Giving Livestock Feed a Boost in Ethiopia

July 19, 2012
USDABekelech Alemu, a member of the Bokoji Cooperative, raises forage for her dairy cows.

Raising livestock is a major source of economic activity in Ethiopia. The country’s livestock population is the largest in Africa and contributes to the livelihoods of 60-70 percent of Ethiopia’s population. Ninety percent of crop production is dependent on animal draft power. Therefore, producing a high quantity and quality of feed for animals is a key factor in raising healthy and productive livestock and sustaining agriculture.

Through Feed the Future, the U.S. Department of Agriculture (USDA) has supported a Food for Progress program to improve food security and the standard of living for Ethiopian families who depend on livestock for their livelihoods. The program, begun in 2009 and implemented by ACDI/VOCA, has taken a multifaceted approach to improving animal feed throughout the country. 

One important part of raising livestock is growing sufficient forage, or plant material eaten by grazing livestock. USDA’s animal feed program has established four cooperative, union-run forage nurseries, as well as rehabilitated and expanded 16 forage-growing sites operated by the Government of Ethiopia. Together, these operations are producing enough seeds and seedlings of high-yielding, nutritious forages such as elephant grass and alfalfa to feed the livestock of up to 58,000 smallholder farmers.  

Bekelech Alemu raises crops and livestock in Ethiopia’s Oromia Region. She feeds her dairy cows elephant grass and fodder beets grown from seed acquired through the Bokoji Cooperative, one of the groups supported through USDA’s feed program. She says that the surplus feed grown on the cooperative’s farm helps keep her cows from going hungry during the dry season.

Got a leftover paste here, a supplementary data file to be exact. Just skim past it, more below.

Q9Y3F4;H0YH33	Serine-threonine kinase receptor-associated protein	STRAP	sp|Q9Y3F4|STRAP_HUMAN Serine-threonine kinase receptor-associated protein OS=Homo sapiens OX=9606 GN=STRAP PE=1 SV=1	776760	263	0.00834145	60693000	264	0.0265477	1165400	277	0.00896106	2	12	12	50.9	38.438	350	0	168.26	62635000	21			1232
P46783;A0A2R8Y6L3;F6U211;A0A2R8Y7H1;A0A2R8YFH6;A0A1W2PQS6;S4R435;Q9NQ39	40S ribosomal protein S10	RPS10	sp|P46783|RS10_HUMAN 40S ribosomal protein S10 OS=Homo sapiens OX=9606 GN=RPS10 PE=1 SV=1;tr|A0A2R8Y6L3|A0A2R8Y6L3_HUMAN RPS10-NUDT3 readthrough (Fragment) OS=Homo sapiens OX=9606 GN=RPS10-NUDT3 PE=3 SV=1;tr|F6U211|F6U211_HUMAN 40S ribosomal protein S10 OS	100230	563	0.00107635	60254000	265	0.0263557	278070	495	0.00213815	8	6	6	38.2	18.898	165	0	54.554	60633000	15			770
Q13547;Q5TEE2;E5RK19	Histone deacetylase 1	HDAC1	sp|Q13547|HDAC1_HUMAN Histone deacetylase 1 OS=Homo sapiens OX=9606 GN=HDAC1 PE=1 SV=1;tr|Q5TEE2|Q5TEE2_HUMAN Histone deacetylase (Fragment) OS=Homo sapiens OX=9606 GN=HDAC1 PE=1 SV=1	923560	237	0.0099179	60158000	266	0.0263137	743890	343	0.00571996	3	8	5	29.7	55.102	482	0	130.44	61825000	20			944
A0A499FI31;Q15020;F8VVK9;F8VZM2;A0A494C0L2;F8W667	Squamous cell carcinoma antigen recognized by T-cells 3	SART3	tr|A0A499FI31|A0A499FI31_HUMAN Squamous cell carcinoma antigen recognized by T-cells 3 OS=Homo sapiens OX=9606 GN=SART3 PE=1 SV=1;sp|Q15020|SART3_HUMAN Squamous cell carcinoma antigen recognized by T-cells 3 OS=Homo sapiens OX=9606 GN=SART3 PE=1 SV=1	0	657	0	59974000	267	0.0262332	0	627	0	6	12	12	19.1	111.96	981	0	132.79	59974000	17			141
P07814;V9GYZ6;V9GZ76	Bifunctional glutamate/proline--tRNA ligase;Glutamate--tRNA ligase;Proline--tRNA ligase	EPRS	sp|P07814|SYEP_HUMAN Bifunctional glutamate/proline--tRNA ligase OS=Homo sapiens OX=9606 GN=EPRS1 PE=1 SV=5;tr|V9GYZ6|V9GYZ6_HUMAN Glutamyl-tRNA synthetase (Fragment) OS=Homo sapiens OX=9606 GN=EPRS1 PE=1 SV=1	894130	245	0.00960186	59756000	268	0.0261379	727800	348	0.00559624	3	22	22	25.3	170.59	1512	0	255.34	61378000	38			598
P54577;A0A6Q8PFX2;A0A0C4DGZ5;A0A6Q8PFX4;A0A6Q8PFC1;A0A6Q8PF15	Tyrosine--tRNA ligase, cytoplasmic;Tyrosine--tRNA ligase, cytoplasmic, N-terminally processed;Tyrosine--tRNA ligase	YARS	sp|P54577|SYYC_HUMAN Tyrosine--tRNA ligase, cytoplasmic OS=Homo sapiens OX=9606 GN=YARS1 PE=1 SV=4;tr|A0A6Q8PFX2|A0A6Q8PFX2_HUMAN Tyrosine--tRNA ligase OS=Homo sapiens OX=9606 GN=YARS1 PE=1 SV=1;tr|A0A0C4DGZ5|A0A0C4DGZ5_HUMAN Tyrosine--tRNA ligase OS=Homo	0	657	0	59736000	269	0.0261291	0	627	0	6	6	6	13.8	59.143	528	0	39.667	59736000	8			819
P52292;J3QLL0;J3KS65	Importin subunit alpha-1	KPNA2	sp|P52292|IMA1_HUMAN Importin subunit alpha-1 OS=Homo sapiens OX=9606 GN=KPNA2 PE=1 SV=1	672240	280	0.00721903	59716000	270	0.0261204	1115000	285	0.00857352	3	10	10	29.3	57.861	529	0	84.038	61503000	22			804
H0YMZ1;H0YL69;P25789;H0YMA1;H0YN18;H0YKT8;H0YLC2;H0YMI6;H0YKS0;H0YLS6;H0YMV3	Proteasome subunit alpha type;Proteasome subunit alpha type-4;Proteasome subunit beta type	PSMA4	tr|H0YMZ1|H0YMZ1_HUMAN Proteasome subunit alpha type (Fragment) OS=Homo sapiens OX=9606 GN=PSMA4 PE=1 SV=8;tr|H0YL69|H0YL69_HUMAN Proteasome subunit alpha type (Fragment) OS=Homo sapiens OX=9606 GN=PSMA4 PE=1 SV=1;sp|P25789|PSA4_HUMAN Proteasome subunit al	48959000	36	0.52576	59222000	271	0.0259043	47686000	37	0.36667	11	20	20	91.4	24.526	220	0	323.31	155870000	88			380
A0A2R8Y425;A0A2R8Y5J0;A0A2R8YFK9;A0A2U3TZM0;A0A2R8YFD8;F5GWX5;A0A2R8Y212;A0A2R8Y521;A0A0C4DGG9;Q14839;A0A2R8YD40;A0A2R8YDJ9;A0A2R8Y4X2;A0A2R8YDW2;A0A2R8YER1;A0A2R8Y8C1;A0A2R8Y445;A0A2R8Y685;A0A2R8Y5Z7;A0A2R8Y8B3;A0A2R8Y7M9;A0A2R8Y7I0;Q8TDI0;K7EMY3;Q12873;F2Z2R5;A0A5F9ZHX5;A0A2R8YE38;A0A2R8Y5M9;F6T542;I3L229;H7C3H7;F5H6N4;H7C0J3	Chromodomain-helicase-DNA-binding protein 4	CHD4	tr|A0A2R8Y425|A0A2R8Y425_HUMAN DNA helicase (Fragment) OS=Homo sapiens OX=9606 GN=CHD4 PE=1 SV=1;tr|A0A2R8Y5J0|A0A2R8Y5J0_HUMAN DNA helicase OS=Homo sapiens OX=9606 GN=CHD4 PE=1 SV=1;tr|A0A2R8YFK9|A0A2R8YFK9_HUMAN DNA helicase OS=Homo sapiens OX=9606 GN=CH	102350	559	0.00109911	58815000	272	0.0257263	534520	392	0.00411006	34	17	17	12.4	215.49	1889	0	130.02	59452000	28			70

The program has also enabled nine cooperative unions to start up commercial livestock feed manufacturing enterprises with a combined annual capacity of 10,800 tons of feed and other products that supplement the diets of livestock. These businesses are supported by an online database created to help feed manufacturers figure out the best sources for obtaining the ingredients they put into their products.

In addition, nearly 500 experts employed in the Ethiopian feed industry have received advanced training in feedlots (locations where livestock are fed), dairy and poultry nutrition, and management. This training has contributed to building capacity, as the local partners have gone on to hold additional trainings and pass on their expertise to more than 14,000 smallholder farmers in their home districts.

USDA’s Food for Progress grants have also supported the development of livestock-based enterprises that improve marketing opportunities (e.g., diversification of products to include cheese and butter instead of just raw milk), as well as promote improved business management practices (e.g., using scales to determine the cost of production, purchase and sale of livestock, etc.). 

Did you know that livestock is also a Feed the Future priority in West Africa? Want to learn more about two new varieties of forage released in Nicaragua to increase meat and milk production? Read on for more!

USDAThrough Feed the Future, local Ethiopian partners have been trained in best practices for managing feedlots, where livestock are fed prior to being sold.